In males, chemotherapy associated
infertility results from the destruction of sperm producing cells. Males over
13, who may wish to have children later in life, should be given the option
of banking sperm. Depending on the drug used and the duration of treatment,
some recovery of spermatogenesis after completion of therapy is believed to
be possible. Most men on chemotherapy still have normal erections. Erections
and sexual desire often decrease after a course of chemotherapy, but recur within
several weeks. Some cytotoxic drugs such as cisplatinum or vincristine can permanently
damage parts of the nervous system. These drugs may interfere with the nerves
that control erection. Chemotherapy can sometimes affect sexual desire and erections
by slowing down the amount of testosterone produced.
Women may experience various
degrees of gonadal dysfunction as a consequence of receiving chemotherapy, including
perimenopause or premature menopause. Symptoms may include decreased sexual
desire, amenorrhea, vaginal atrophy, dryness, hot flashes, itching, irritation,
dyspareunia, and sterility. Many chemotherapy drugs can either temporarily or
permanently cause ovarian damage, reducing hormonal output this affects
fertility and libido. Chemotherapy associated infertility occurs in women due
to direct injury to the ova. The length of time patients remain infertile is
not well understood. Some women regain ovarian function after treatment, some
do so with time, and some never do. Menstrual cycles may be disrupted or stopped,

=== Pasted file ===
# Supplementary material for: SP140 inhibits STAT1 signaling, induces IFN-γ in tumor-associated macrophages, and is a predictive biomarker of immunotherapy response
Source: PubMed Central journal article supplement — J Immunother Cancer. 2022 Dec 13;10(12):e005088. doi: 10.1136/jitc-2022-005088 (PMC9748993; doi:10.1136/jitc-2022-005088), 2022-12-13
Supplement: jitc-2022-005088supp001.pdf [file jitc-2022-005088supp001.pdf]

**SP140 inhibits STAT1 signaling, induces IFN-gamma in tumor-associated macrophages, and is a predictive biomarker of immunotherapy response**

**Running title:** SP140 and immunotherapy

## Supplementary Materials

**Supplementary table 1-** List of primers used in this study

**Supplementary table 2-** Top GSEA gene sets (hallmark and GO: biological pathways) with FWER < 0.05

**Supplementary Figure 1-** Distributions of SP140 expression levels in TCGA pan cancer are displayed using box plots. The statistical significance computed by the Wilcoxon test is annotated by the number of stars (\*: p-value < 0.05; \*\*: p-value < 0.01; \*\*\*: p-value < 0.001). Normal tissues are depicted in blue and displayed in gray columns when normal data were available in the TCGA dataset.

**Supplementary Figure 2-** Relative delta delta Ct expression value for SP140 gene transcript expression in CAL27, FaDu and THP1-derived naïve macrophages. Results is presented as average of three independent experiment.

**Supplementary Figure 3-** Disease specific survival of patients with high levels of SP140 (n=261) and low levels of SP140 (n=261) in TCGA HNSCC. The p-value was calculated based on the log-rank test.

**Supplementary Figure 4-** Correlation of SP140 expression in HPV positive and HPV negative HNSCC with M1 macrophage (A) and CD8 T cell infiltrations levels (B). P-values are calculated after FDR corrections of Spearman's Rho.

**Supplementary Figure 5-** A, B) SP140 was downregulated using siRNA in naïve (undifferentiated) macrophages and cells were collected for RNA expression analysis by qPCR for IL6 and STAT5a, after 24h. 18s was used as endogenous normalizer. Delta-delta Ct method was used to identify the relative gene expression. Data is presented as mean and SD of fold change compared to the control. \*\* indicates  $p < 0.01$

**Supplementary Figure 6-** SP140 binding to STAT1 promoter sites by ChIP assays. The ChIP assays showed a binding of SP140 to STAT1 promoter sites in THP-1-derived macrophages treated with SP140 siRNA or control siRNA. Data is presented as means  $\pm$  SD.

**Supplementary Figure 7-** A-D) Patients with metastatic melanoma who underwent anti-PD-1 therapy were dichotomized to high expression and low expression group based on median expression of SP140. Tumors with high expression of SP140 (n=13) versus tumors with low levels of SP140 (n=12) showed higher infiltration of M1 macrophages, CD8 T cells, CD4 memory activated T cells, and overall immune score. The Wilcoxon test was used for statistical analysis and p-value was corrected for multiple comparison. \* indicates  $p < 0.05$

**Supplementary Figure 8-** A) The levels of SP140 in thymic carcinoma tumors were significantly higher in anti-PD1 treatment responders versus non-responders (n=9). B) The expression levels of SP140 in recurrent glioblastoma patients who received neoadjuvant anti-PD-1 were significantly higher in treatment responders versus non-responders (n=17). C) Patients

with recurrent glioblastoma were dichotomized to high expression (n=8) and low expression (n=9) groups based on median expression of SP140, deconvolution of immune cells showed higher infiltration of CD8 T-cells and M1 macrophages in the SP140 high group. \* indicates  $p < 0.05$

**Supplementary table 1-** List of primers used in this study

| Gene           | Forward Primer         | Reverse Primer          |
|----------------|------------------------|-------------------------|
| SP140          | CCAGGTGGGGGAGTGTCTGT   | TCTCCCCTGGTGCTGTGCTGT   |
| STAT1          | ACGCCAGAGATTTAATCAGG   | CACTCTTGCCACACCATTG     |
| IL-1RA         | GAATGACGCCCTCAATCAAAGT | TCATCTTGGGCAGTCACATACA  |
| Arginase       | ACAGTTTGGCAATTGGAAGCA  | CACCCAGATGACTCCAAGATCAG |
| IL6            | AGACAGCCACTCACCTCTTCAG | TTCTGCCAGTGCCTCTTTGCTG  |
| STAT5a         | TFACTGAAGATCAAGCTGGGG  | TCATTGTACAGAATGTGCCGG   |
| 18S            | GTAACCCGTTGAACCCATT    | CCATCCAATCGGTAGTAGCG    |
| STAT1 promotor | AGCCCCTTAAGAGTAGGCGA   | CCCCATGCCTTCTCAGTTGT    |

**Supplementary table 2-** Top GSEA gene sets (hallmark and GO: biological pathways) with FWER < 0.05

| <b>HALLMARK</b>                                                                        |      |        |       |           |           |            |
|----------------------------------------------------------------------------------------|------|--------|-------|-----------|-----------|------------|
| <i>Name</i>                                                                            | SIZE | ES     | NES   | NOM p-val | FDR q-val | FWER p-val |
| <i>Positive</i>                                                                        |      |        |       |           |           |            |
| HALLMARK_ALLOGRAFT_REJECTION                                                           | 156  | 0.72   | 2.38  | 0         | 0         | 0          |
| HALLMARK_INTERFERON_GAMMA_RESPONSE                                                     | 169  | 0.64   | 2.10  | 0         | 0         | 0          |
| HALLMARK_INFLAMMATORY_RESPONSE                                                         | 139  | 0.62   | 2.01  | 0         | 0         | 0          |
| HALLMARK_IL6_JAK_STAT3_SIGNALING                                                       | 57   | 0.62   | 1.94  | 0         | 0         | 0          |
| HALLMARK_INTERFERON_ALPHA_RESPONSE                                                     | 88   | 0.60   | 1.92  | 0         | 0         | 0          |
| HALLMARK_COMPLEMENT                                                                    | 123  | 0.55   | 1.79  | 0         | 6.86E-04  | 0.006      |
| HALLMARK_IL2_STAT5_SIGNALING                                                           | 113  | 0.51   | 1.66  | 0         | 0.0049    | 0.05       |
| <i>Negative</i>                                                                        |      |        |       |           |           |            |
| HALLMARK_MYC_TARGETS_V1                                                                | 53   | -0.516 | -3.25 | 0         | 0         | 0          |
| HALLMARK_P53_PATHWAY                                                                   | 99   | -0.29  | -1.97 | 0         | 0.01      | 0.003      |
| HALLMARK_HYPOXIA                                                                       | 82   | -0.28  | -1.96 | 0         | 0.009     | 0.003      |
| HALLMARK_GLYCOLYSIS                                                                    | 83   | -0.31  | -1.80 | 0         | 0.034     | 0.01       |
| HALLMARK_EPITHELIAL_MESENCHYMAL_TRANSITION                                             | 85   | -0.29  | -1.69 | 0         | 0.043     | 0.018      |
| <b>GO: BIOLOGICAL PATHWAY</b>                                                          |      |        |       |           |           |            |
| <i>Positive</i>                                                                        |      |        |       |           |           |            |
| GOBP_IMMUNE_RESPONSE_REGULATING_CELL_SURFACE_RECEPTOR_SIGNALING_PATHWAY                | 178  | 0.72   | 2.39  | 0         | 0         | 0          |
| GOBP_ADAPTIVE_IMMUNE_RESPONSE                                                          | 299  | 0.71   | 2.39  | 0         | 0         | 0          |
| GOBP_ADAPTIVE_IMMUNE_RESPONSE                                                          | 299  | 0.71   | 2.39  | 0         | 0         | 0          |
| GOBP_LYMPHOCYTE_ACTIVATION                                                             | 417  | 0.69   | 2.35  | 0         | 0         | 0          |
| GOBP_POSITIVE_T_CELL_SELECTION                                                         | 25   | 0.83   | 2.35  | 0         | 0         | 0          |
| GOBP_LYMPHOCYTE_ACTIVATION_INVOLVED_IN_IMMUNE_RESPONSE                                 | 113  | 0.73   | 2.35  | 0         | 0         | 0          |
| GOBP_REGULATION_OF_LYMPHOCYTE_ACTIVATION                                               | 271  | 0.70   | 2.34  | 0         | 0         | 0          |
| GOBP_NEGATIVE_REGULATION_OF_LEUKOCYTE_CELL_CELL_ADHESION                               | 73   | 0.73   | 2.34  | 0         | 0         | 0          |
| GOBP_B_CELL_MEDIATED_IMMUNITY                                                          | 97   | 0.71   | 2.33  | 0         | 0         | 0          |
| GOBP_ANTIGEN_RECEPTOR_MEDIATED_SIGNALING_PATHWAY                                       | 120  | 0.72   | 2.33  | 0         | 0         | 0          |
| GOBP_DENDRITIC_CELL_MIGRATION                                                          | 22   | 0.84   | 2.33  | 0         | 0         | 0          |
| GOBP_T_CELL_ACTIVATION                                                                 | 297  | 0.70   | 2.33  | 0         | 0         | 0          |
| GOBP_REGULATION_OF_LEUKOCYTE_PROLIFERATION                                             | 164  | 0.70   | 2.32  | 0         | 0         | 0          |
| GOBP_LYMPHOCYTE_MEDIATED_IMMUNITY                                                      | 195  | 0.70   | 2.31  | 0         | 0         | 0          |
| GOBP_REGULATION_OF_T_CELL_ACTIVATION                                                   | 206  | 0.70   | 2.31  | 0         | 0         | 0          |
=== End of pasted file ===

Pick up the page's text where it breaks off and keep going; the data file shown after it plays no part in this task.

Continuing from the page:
but it is still possible to become pregnant. Vaginal infections are common during
chemotherapy, particularly in women taking steroids or the powerful antibiotics
used to prevent bacterial infections. Flare-ups of genital herpes or genital
warts may also occur during chemotherapy.
Women over 30 years of age
are less likely to regain ovarian function. Although it is possible to conceive
during chemotherapy, the toxicity of some drugs may cause birth defects. Therefore,
it is suggested that all men and women take precautions and use some type of
birth control if they are sexually active. Reproduction after chemotherapy remains
controversial because some cytotoxic drugs in a laboratory setting have shown
the potential to cause birth defects and genetic mutations.
a. Advising the patient about the physical, sexual, and reproductive changes that may occur after therapy. Inform the patient of the potential for sterility.
b. Educating male patients about sperm banking.
c. Stressing the importance of avoiding pregnancy during therapy and provide information about contraception.
d. Referring the patient to resources such as the American Cancer Societys booklet on "Sexuality and Cancer."